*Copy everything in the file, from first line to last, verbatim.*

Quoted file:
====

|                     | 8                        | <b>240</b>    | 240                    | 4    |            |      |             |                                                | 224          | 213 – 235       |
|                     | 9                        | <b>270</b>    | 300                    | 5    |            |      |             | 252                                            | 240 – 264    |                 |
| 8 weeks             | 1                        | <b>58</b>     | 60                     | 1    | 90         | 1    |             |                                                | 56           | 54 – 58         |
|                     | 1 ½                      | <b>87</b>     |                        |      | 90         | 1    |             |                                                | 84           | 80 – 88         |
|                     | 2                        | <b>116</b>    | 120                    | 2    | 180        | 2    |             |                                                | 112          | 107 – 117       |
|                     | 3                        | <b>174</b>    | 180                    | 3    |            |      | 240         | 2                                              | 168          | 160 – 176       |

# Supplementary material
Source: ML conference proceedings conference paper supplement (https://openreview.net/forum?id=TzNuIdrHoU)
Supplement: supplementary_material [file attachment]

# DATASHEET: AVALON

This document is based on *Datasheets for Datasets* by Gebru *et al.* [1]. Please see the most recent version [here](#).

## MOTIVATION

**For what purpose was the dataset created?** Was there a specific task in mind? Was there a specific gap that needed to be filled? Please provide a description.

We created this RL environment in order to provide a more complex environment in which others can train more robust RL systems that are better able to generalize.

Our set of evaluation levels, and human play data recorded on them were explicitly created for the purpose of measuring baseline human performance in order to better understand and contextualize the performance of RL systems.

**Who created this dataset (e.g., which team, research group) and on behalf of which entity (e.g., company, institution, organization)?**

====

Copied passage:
|                     | 8                        | <b>240</b>    | 240                    | 4    |            |      |             |                                                | 224          | 213 – 235       |
|                     | 9                        | <b>270</b>    | 300                    | 5    |            |      |             | 252                                            | 240 – 264    |                 |
| 8 weeks             | 1                        | <b>58</b>     | 60                     | 1    | 90         | 1    |             |                                                | 56           | 54 – 58         |
|                     | 1 ½                      | <b>87</b>     |                        |      | 90         | 1    |             |                                                | 84           | 80 – 88         |
|                     | 2                        | <b>116</b>    | 120                    | 2    | 180        | 2    |             |                                                | 112          | 107 – 117       |
|                     | 3                        | <b>174</b>    | 180                    | 3    |            |      | 240         | 2                                              | 168          | 160 – 176       |

# Supplementary material
Source: ML conference proceedings conference paper supplement (https://openreview.net/forum?id=TzNuIdrHoU)
Supplement: supplementary_material [file attachment]

# DATASHEET: AVALON

This document is based on *Datasheets for Datasets* by Gebru *et al.* [1]. Please see the most recent version [here](#).

## MOTIVATION

**For what purpose was the dataset created?** Was there a specific task in mind? Was there a specific gap that needed to be filled? Please provide a description.

We created this RL environment in order to provide a more complex environment in which others can train more robust RL systems that are better able to generalize.

Our set of evaluation levels, and human play data recorded on them were explicitly created for the purpose of measuring baseline human performance in order to better understand and contextualize the performance of RL systems.

**Who created this dataset (e.g., which team, research group) and on behalf of which entity (e.g., company, institution, organization)?**